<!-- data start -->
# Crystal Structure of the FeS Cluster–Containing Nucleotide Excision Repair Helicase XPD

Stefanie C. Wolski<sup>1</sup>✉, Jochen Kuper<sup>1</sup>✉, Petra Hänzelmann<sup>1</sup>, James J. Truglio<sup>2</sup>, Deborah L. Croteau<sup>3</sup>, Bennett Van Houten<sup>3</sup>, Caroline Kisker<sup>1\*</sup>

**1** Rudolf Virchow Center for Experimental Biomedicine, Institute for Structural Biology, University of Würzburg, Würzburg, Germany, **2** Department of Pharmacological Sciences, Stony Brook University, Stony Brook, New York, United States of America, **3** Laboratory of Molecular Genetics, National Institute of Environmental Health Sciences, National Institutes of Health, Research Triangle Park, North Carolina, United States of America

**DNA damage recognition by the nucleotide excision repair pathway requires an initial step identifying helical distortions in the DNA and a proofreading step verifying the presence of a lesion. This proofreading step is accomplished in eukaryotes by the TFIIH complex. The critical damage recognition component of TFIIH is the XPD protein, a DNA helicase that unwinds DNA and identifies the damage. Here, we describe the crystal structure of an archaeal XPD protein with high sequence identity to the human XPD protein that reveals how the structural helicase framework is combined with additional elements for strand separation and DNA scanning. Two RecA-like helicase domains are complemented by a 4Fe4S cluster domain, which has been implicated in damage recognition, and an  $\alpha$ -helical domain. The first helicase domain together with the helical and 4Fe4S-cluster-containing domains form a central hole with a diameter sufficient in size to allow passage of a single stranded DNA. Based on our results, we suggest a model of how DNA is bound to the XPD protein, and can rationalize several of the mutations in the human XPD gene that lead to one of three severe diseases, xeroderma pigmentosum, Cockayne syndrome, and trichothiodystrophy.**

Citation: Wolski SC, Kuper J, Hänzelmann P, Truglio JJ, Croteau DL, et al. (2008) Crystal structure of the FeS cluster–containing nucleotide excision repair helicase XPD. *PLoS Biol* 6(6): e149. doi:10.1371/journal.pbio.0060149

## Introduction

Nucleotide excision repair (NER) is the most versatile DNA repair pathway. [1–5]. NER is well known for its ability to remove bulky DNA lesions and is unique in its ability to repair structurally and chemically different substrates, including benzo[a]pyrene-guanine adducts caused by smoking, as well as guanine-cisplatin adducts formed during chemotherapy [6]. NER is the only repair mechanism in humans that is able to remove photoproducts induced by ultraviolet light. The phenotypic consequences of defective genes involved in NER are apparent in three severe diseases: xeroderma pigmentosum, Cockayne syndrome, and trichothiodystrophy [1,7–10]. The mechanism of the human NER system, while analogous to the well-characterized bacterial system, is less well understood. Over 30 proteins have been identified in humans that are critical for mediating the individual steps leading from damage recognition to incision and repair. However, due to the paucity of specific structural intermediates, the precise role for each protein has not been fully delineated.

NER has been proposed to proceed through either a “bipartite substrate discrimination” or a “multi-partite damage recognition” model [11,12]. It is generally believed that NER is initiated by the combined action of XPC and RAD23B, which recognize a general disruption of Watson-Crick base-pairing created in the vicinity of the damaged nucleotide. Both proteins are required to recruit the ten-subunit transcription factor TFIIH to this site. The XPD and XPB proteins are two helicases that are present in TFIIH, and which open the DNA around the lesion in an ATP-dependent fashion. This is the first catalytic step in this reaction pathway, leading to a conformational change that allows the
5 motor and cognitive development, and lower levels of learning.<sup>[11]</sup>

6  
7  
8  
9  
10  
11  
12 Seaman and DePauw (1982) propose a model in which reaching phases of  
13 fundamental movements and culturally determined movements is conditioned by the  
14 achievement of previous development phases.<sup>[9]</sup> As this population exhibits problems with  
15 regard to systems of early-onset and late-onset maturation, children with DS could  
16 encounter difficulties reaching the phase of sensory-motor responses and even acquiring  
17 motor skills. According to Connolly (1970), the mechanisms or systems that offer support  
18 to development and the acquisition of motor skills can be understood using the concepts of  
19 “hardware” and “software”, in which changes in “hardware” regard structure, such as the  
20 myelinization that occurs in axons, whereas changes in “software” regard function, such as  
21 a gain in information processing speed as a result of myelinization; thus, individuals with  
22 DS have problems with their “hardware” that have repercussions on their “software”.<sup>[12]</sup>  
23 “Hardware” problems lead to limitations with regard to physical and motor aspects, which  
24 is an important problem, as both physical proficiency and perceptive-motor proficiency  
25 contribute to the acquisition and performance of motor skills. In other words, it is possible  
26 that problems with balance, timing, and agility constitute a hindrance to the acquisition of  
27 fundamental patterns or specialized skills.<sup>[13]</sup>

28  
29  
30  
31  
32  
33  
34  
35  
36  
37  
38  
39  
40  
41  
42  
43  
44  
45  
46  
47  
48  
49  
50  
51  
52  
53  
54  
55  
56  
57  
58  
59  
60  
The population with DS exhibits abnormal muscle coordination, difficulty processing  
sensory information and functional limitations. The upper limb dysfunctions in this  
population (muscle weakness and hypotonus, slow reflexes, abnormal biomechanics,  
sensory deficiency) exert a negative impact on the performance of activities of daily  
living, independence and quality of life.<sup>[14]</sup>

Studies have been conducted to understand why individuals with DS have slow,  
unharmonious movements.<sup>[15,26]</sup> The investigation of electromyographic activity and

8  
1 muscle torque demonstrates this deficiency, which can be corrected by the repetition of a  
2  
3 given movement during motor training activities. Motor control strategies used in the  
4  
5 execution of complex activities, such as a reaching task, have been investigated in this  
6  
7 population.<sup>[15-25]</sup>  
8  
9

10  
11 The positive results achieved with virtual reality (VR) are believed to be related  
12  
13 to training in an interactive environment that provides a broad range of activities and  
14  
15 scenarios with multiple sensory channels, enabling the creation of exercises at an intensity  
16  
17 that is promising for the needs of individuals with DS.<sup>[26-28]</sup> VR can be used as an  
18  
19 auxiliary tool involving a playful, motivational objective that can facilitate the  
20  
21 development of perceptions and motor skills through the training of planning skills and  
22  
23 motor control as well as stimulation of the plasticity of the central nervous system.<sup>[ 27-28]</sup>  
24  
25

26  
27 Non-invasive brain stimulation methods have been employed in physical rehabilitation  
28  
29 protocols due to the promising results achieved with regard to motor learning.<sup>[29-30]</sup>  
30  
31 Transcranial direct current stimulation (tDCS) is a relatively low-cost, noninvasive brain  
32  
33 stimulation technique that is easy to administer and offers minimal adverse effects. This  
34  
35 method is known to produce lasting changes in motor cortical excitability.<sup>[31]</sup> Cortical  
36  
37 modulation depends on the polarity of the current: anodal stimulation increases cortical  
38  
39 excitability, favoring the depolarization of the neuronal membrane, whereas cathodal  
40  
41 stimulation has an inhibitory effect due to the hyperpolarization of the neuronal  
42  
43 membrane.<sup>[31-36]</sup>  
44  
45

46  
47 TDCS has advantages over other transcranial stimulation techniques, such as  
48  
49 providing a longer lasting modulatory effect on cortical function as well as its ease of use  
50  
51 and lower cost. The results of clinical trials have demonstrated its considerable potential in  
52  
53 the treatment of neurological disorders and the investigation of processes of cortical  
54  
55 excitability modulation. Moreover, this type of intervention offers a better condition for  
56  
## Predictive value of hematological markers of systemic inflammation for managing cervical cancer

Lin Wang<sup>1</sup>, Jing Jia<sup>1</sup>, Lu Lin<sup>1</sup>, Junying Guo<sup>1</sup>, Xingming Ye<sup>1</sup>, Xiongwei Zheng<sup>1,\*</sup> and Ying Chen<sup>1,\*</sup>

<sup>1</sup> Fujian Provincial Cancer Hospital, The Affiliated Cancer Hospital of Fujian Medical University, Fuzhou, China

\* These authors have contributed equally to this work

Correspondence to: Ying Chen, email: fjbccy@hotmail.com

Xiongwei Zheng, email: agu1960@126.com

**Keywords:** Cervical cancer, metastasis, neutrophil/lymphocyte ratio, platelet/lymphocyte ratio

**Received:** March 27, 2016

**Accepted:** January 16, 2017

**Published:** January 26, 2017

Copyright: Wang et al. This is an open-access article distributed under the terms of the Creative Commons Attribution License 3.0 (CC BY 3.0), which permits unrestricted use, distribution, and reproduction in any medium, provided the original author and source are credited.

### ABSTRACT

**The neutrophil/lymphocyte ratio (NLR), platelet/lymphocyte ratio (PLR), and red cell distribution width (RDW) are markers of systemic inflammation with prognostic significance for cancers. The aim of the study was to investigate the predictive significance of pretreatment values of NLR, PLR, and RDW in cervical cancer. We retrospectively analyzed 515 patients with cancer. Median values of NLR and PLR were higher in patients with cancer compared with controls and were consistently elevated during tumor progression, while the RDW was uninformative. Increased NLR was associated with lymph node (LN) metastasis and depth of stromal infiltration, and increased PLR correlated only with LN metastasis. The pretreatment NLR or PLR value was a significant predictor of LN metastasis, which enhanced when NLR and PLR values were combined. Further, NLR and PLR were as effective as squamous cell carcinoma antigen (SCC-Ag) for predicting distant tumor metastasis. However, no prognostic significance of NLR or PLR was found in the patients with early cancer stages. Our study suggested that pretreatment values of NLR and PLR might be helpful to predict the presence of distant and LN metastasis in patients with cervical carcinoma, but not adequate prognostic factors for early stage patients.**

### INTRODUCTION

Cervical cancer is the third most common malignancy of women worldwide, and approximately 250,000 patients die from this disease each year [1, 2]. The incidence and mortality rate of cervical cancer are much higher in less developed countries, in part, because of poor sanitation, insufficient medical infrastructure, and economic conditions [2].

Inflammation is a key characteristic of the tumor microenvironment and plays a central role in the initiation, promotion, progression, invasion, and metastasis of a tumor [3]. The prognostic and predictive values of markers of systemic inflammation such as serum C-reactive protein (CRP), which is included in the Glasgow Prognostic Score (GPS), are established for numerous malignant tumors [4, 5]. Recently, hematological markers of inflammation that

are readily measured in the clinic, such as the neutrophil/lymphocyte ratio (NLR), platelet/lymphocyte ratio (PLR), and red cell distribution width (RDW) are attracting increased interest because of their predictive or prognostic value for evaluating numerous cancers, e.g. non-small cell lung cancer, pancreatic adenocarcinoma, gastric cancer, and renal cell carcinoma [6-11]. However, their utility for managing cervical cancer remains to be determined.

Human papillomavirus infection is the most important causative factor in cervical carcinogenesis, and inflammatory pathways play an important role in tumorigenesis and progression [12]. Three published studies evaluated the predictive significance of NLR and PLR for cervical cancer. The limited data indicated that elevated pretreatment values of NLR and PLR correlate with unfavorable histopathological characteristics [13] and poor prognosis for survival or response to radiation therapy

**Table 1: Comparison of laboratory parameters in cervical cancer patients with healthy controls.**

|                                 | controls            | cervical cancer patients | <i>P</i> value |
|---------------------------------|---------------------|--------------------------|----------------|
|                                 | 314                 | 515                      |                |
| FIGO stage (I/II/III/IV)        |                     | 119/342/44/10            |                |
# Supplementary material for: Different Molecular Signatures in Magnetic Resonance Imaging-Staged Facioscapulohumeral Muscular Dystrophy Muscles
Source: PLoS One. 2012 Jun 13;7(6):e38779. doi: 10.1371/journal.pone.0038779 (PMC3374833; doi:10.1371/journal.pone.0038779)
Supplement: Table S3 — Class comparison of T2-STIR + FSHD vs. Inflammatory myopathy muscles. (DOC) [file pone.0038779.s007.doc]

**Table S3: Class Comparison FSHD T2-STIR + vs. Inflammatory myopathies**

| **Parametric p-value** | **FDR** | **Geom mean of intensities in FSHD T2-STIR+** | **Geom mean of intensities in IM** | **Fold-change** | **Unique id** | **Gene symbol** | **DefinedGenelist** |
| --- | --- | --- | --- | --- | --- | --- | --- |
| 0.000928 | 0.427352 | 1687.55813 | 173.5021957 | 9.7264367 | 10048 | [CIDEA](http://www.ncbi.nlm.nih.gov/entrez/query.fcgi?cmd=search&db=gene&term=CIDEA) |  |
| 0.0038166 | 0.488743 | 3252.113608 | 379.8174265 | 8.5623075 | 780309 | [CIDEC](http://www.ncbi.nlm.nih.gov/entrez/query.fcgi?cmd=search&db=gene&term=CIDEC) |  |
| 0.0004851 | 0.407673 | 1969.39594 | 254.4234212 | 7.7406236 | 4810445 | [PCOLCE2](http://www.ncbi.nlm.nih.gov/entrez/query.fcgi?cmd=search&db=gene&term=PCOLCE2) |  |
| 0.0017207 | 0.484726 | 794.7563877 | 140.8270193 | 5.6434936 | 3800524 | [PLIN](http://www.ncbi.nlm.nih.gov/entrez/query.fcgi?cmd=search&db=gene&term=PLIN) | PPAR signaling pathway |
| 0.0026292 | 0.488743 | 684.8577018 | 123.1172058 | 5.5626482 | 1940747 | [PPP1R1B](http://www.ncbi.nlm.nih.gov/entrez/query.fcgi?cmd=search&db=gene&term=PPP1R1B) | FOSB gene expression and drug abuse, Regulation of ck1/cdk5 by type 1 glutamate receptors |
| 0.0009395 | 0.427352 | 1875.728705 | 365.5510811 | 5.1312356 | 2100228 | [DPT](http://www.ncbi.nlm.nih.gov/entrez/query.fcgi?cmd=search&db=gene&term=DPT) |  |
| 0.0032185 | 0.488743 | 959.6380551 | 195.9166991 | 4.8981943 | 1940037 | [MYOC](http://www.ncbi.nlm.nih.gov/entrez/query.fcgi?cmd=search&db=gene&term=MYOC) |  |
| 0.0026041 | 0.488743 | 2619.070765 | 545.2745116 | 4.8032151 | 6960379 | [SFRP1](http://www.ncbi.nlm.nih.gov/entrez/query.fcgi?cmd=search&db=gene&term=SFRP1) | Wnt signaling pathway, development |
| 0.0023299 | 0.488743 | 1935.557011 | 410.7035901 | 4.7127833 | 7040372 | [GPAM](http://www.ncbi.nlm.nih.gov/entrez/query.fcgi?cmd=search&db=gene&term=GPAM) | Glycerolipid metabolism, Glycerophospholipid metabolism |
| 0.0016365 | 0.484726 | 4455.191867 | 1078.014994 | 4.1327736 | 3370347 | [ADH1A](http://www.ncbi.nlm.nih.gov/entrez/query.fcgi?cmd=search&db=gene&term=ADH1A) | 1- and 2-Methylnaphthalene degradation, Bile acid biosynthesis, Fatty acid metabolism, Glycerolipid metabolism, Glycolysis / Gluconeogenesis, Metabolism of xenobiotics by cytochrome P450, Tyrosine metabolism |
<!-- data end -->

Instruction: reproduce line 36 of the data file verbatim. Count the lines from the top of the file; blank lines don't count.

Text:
32  